Readers see no need for leadfoot lobbyist's speed
By Michael Dresser
Last week this column explored the colorful driving record of Bruce C. Bereano, super-lobbyist, mail fraudster and chronic speeder. It recounted how Bereano has amassed 22 traffic tickets over the past 13 years — nine of them for racing along at 80 mph or more.
Readers were not amused. Not at Bereano. Not at the judges who handed him probation before judgment (PBJ) in spite of an abysmal driving record.
“Bruce Bereano has been getting away with antics that the common man or woman would be in jail for,” writes Lois Raimondi Munchel of Forest Hill. “I for one would like to see published the names of the judges who viewed these offenses as not worth protecting the driving public from. ... One day, he, as others who drive with such disregard for the law, will kill a family.”
“Bereano is way off base in opposing speed cameras; now he will be able to just pay his fines without court costs, attorney fees, and lost time. No more worrying about points, PBJ’s, or getting the ‘right’ judge,” Scholl wrote. “I clock a lot of miles around our town, and I see so much dangerous driving that I would like to see the cameras everywhere.”
Irwin E. Weiss, a Baltimore lawyer, expressed astonishment that Bereano is still permitted to drive and is still treated with deference in Annapolis.
“Here is a guy whose craft is to influence the making of and repealing of laws, and his behavior shows what complete disrespect he has for laws,” Weiss wrote. “Here is a guy who was convicted of mail fraud. He was disbarred. Why in God’s name would any self-respecting state legislator listen to what he says on behalf of his clients? Oh, I guess the folks in the legislature are not ‘self-respecting.’”
It was also good to hear from Sen. Brian E. Frosh, chairman of the Judicial Proceedings Committee and a legislator known for his immunity to Bereano’s charms.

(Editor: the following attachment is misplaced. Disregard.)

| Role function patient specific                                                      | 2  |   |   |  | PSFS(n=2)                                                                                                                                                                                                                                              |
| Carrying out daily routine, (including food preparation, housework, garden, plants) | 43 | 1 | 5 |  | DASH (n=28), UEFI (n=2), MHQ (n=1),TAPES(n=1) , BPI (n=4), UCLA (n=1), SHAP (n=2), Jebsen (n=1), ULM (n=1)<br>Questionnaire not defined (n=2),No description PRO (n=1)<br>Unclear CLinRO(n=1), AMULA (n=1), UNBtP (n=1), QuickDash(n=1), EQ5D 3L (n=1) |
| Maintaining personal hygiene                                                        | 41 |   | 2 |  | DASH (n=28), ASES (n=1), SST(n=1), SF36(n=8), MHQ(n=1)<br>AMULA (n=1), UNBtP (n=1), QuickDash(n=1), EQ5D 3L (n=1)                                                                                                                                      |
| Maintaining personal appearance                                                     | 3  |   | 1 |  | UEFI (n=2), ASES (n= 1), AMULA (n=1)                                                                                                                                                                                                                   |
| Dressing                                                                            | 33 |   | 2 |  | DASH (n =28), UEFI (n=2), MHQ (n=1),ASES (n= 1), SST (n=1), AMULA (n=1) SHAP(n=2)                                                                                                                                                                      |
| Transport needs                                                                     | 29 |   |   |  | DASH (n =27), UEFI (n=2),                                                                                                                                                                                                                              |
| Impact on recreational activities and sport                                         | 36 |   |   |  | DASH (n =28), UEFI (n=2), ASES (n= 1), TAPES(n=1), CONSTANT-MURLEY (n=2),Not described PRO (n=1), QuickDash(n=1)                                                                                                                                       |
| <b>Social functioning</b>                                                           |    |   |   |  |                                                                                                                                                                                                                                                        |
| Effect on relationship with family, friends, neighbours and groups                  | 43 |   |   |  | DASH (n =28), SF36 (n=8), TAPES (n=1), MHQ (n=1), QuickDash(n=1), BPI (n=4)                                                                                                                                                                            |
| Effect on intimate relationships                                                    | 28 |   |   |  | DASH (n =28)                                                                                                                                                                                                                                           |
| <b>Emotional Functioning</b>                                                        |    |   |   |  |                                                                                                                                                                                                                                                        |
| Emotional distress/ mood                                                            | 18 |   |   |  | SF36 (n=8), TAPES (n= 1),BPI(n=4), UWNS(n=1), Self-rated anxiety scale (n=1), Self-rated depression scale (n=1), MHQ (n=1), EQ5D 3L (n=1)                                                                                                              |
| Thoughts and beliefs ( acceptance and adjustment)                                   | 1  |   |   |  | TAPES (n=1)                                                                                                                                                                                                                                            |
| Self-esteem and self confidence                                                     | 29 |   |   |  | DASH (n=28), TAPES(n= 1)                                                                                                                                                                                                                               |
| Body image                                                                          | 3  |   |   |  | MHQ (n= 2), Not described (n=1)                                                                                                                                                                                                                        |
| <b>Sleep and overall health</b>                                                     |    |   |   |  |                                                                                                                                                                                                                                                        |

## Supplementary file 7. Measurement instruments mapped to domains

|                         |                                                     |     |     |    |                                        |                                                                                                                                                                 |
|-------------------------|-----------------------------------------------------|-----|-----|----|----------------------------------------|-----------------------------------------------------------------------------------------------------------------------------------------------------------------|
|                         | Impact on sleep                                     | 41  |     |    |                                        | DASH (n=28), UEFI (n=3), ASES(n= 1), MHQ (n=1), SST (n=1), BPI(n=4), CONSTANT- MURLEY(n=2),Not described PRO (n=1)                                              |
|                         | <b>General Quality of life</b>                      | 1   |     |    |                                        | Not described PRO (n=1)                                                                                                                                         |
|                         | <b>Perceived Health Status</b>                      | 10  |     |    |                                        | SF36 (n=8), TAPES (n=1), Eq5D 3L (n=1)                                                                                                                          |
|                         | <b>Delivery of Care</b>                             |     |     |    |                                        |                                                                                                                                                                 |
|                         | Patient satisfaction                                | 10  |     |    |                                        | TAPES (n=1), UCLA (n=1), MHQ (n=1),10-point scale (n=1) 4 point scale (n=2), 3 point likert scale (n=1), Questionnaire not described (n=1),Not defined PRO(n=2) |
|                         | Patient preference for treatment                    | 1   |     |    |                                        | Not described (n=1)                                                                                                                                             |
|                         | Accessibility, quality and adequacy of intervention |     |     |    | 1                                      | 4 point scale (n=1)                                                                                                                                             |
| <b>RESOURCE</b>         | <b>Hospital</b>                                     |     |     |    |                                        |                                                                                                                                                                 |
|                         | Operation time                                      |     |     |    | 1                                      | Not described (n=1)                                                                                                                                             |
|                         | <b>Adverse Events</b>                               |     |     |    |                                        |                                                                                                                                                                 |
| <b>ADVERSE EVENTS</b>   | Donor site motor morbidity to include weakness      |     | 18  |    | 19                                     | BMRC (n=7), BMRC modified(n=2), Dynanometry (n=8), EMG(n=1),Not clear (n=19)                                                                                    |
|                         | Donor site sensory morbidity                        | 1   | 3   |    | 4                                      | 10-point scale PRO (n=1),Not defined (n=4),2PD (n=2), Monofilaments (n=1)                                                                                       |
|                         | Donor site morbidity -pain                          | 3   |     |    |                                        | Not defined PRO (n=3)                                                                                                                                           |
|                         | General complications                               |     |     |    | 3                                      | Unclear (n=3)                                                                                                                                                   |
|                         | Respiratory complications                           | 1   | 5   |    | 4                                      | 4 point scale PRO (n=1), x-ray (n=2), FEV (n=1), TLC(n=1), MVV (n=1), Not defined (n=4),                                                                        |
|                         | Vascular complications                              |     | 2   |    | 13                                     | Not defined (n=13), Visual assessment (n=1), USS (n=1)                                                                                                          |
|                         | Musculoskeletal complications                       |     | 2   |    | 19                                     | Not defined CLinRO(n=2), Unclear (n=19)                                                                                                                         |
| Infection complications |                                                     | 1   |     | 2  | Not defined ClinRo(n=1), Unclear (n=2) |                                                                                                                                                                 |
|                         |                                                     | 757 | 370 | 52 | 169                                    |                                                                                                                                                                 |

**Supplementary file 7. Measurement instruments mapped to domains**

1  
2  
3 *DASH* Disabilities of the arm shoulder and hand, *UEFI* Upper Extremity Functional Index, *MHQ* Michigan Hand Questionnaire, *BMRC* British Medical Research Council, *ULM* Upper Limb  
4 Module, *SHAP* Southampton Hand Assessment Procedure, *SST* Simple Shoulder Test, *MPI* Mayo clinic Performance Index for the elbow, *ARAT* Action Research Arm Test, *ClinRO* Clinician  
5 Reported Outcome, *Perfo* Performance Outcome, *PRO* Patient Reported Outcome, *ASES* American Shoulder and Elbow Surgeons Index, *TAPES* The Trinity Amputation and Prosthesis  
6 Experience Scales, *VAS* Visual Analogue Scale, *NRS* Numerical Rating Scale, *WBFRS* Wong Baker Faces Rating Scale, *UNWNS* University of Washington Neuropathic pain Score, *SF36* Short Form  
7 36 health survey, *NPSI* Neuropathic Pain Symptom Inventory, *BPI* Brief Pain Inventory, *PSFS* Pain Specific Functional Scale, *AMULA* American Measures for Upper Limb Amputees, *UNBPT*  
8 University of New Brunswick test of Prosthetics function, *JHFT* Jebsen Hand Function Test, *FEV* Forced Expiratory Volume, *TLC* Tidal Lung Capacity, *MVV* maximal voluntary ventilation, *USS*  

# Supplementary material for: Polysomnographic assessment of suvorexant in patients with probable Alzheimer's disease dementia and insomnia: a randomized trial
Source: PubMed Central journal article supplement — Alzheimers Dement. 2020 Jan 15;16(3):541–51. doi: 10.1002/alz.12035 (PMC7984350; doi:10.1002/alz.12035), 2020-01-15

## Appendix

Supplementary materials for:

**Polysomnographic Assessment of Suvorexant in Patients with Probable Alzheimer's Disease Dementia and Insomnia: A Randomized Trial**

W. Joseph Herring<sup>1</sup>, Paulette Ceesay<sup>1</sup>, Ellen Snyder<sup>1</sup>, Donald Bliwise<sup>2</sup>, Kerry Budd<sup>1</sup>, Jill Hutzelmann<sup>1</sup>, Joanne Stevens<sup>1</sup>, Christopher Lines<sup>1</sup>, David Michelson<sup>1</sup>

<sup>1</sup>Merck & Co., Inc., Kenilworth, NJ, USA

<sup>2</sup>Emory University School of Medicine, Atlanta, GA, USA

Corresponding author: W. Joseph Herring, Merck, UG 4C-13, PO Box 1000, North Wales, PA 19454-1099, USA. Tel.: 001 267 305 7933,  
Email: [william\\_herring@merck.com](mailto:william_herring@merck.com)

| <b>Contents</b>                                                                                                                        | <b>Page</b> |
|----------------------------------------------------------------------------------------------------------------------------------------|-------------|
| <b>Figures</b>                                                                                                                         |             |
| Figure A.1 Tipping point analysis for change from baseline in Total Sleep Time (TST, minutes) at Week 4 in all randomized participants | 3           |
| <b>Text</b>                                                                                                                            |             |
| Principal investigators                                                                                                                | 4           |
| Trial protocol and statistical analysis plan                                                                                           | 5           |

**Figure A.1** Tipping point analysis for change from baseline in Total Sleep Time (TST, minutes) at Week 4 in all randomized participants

“Bereano came [to my committee] to testify against a red light camera bill a couple of years ago,” the Montgomery County Democrat wrote. “He talked about how simple it is to beat the rap if one knows how to do it. I asked him how many tickets he’d received. Answer: dozens.”
While most of the reaction I received was favorable, some thought the column missed the point.
Mark Adams of Fells Point wrote that “everyone knows that Bruce Bereano skirts the rules. But now, the state can skirt the rules with the speed cameras. “Ever since the adoption of the Bill of Rights, citizens have had the right to confront their accusers with cross-examination and they have had the presumption of innocence. This goes out the window with speed cameras, red light cameras, etc. The state does this with a fictitious process that converts a minor criminal penalty into a ‘civil fine.’ By making the fine a civil matter, rather than criminal, the state throws the Bill of Rights out the window.”
Jason Stewart of Baltimore didn’t like my theory that the drive to petition the speed cameras law to referendum failed because enough people said “no” to make the difference.
“I personally collected over 300 signatures and only had 3 people tell me they were for the cameras. I had at least 5 Baltimore County Police Officers sign my petition and all said ... these cameras had nothing to do with safety, just revenue.”
Brian Holmes, president of the Maryland Transportation Builders and Materials Association, found my criticism of the court system unfair.
“The number of speeding (and like) cases would swamp the judicial system if all were heard. Accordingly, the courts use PBJ to clear their calendars, so they can provide criminal defendants with speedy trials as the constitution requires and reasonable timeliness for civil litigants.”
In a subsequent email, however, Holmes stated: “Frequent speeders ought to be singled out for ineligibility for PBJs.”
I concur wholeheartedly, and would hope to see the General Assembly give some guidance to the judiciary on the promiscuous use of PBJs. We could start with curbing such breaks for repeat offenders and those clocked at 80 mph and up.
Let’s call it Bruce’s Bill.